GROWERS ARE doing a much better job choosing sophisticated soybean varieties that fight yield-robbing pests. That's the good news. The bad news is that far too many growers still buy bean seed on the cheap, and it's costing them — big time.
In Iowa, growers are losing as many as 60 million bushels a year to soybean cyst nematode alone, says Iowa State University agronomist Palle Pedersen. “It's the most yield-limiting pathogen in Iowa,” he says. He adds, however, that “breeders have done an outstanding job in stepping up to the plate and getting us SCN-resistant varieties.”
A better buyer
You can become a more intelligent buyer by taking the following steps before writing a check to your soybean seed salesperson:
Look at replicated yield data from numerous test sites.
Go back to the farm and identify yield-limiting factors that can be managed by variety selection.
Lastly, and only then, look at price.
Growers may be reluctant to ante up for top-yielding varieties because, “in the past, soybeans have been the cheap commodity [seed] product,” says Bob Navratil, head of technical services for NK Brand.
“True, the more bells and whistles you get with your seed obviously means the varieties are going to cost more,” Pedersen says. “But don't focus so much on price.” Instead, you will be dollars ahead if you focus on high yields and the disease resistances you need.
Check the data
There is no shortage of data on yields; seed companies, universities, even lending institutions now test yields of soybean varieties, notes Dan Dyer, global head of product development for Syngenta. But wading through the data is no easy task, he admits, because “all the data are accurate, but they don't agree with each other.” The test data nonetheless allow you to narrow the list of candidates to a few top performers.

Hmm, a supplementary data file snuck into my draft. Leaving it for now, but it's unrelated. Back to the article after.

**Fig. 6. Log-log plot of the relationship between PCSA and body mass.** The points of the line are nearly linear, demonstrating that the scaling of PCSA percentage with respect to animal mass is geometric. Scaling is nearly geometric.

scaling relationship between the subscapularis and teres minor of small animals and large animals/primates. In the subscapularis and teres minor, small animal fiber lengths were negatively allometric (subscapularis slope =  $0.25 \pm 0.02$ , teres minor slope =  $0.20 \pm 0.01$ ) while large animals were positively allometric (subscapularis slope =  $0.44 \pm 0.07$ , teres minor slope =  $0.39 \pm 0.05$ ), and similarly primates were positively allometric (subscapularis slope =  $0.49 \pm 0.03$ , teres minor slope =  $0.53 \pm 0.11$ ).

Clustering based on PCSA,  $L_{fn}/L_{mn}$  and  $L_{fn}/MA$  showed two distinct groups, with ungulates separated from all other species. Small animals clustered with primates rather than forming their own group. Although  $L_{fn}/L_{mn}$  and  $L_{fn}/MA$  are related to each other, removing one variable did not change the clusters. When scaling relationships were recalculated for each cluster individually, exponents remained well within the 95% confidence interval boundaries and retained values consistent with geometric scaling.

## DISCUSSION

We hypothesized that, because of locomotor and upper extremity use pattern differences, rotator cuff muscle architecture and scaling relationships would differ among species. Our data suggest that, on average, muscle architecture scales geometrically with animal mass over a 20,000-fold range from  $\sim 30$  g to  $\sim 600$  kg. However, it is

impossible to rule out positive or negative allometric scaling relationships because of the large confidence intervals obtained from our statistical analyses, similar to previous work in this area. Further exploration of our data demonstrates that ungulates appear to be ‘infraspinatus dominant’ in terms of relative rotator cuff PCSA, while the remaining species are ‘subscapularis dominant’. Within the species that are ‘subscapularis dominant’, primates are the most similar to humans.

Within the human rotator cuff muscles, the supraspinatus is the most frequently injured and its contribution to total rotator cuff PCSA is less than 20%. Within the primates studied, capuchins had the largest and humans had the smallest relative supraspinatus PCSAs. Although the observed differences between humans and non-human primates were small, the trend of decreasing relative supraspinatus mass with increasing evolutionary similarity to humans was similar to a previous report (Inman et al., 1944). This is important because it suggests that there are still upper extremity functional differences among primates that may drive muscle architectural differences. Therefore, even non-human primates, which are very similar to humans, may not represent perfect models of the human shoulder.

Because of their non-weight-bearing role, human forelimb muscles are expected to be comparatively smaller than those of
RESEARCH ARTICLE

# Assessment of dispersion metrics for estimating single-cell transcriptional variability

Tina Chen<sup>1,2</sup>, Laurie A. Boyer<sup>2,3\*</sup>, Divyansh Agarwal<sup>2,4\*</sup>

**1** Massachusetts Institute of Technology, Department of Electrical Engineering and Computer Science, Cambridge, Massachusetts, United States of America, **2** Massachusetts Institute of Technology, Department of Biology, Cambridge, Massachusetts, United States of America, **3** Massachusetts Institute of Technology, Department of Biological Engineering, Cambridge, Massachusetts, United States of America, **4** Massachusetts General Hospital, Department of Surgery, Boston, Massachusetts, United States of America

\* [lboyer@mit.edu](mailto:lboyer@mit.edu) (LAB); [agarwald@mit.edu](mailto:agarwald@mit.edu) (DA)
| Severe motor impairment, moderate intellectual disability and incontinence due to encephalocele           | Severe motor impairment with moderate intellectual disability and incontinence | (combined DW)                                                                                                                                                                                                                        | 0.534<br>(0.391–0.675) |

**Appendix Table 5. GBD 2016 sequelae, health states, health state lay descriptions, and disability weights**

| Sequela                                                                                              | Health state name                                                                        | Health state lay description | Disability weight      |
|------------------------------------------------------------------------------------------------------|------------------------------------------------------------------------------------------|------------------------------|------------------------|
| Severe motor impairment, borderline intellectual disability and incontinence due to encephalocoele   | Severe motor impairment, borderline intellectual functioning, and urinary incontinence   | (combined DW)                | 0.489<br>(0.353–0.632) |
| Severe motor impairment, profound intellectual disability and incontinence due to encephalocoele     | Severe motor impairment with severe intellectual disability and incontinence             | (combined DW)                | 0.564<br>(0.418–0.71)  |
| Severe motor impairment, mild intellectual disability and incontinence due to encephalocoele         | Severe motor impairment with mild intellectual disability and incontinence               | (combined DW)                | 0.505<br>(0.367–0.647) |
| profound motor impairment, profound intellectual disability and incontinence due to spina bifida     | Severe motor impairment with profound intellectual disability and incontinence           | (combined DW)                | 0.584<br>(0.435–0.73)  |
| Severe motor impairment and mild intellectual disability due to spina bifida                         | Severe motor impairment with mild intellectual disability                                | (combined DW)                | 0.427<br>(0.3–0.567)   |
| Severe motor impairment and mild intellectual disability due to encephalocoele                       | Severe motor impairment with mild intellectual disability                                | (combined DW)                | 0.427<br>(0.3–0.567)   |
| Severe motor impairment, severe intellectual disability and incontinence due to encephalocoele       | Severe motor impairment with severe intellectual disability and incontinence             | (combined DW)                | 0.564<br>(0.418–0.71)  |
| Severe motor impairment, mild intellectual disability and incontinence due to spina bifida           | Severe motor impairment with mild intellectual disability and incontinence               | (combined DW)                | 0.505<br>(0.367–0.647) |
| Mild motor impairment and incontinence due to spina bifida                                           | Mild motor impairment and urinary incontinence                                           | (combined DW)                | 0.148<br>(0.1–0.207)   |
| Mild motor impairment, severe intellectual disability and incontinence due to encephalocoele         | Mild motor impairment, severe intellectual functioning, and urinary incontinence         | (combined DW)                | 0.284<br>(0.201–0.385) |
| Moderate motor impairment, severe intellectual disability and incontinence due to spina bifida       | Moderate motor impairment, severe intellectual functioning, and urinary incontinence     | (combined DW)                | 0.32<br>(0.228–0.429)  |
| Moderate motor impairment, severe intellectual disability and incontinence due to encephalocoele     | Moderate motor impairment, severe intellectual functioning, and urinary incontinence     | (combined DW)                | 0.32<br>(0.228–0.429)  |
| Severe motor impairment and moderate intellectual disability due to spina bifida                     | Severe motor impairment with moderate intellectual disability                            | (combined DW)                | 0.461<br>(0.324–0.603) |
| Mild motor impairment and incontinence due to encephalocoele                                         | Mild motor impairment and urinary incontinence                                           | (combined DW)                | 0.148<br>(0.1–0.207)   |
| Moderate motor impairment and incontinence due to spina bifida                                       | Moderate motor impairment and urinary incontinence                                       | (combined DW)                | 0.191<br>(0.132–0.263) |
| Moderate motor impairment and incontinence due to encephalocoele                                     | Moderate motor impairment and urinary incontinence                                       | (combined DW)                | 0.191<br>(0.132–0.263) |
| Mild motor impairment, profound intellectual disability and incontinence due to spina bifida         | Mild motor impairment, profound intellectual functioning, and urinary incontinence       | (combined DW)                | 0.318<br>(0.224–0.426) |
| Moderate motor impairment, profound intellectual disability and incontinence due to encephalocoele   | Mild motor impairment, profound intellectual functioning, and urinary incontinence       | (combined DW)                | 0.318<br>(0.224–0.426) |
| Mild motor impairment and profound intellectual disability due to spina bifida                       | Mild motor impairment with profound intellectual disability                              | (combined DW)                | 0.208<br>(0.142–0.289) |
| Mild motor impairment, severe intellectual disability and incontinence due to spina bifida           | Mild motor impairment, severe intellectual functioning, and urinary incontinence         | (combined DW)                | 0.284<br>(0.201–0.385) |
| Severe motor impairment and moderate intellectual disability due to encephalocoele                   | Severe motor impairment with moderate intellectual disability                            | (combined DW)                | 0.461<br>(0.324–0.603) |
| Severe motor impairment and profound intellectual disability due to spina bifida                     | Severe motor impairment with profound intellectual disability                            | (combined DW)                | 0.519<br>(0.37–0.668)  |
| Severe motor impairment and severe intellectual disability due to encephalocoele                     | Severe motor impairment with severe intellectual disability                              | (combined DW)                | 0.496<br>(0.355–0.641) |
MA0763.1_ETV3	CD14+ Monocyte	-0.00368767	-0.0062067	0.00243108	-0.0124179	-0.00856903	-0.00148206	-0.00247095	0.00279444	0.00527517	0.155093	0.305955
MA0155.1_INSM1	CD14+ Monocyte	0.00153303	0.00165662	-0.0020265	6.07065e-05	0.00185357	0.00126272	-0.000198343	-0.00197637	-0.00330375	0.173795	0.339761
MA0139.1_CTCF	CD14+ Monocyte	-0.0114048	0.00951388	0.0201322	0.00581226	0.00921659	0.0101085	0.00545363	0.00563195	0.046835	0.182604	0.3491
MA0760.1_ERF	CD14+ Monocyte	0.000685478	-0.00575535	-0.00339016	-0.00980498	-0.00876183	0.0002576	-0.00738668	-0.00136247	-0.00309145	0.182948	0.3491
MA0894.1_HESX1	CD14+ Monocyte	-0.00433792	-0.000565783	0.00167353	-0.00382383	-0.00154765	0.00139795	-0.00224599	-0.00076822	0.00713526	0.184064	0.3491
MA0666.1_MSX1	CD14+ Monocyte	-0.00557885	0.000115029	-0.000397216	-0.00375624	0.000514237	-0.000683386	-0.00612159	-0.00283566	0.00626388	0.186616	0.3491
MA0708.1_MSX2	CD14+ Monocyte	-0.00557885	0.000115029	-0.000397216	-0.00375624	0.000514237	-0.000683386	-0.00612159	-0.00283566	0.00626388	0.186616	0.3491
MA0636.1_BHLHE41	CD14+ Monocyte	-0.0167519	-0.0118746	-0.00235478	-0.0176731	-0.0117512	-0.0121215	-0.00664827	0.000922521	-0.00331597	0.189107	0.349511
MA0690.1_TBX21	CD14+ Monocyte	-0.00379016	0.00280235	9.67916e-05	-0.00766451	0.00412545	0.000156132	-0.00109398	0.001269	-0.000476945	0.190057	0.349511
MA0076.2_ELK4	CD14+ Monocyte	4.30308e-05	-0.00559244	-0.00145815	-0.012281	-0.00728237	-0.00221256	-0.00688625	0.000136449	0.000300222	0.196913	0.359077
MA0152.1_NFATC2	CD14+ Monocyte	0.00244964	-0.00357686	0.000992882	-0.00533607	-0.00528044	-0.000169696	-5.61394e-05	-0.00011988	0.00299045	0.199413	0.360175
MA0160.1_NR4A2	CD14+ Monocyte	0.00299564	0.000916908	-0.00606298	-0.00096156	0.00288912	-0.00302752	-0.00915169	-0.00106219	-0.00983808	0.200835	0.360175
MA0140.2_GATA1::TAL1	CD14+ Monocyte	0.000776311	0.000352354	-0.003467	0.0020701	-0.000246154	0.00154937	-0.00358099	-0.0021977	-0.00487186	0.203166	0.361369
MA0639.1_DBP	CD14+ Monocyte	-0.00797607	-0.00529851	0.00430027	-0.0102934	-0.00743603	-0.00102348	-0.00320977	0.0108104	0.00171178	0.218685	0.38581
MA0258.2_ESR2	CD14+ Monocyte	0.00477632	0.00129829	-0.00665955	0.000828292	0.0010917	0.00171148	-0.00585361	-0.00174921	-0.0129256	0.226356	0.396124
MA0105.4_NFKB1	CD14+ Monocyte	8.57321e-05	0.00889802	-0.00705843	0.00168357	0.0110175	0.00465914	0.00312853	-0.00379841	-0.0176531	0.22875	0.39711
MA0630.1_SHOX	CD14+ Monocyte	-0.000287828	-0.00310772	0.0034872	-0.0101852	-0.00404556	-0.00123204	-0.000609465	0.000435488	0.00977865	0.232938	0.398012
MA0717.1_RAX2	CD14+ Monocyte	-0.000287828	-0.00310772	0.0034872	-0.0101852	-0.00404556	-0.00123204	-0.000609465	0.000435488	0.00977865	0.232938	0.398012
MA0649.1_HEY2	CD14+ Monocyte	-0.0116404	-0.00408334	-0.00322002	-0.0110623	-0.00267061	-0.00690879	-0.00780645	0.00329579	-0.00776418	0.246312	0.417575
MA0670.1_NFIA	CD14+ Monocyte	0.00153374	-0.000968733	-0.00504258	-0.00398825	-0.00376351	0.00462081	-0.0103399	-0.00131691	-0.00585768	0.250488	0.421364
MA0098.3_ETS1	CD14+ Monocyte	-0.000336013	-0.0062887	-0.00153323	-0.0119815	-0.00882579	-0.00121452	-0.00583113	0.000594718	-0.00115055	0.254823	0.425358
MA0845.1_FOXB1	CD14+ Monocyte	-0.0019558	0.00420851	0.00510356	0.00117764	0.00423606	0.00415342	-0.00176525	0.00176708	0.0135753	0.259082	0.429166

Dyer emphasizes that you need data from multiple sources so you know it's accurate. For example, a company may say in a seed brochure that its variety out-yielded the competition in 500 trials, but what it probably does not say is that the competitors may have their own data that may contradict those yield trials. To choose the right seed, Dyer recommends you have a relationship with a seed sales representative you can trust and to buy from an organization with applied research.
Don Schafer, product line manager of soybeans for Pioneer Hi-Bred International, says that while there appears to be hundreds of confusing choices, you can whittle down the list fairly quickly. Pioneer has more than 100 different soybean seed products, for example, but no more than 15 or 20 would fit an individual farm.
Emerson Nafziger, University of Illinois agronomist, says most growers hedge their bets and plant several varieties from three or four different companies. While it makes sense not to just plant one variety, the importance of planting several varieties from different companies may be exaggerated. “Once in a while, a variety is so good that planting one third or even 50% of it is not such a bad idea,” Nafziger says.
Although you may think you are buying different varieties from different companies, the seed may actually be quite similar genetically. If you truly want to plant varieties with different traits, Nafziger suggests you choose varieties with different characteristics such as different maturities. Planting varieties with different maturities is a good idea because each year has different climatic conditions and growers need the ability to stagger harvest, he says.
Experts say there is no correct number of different varieties any grower should plant because every farm — or even field — is different. For one grower with 900 acres of soybeans and multiple soil types, the number might be six or seven varieties with different characteristics, such as drought-tolerance for light soils. For another grower with 900 acres of fairly uniform soils, five or six different varieties might make the most sense.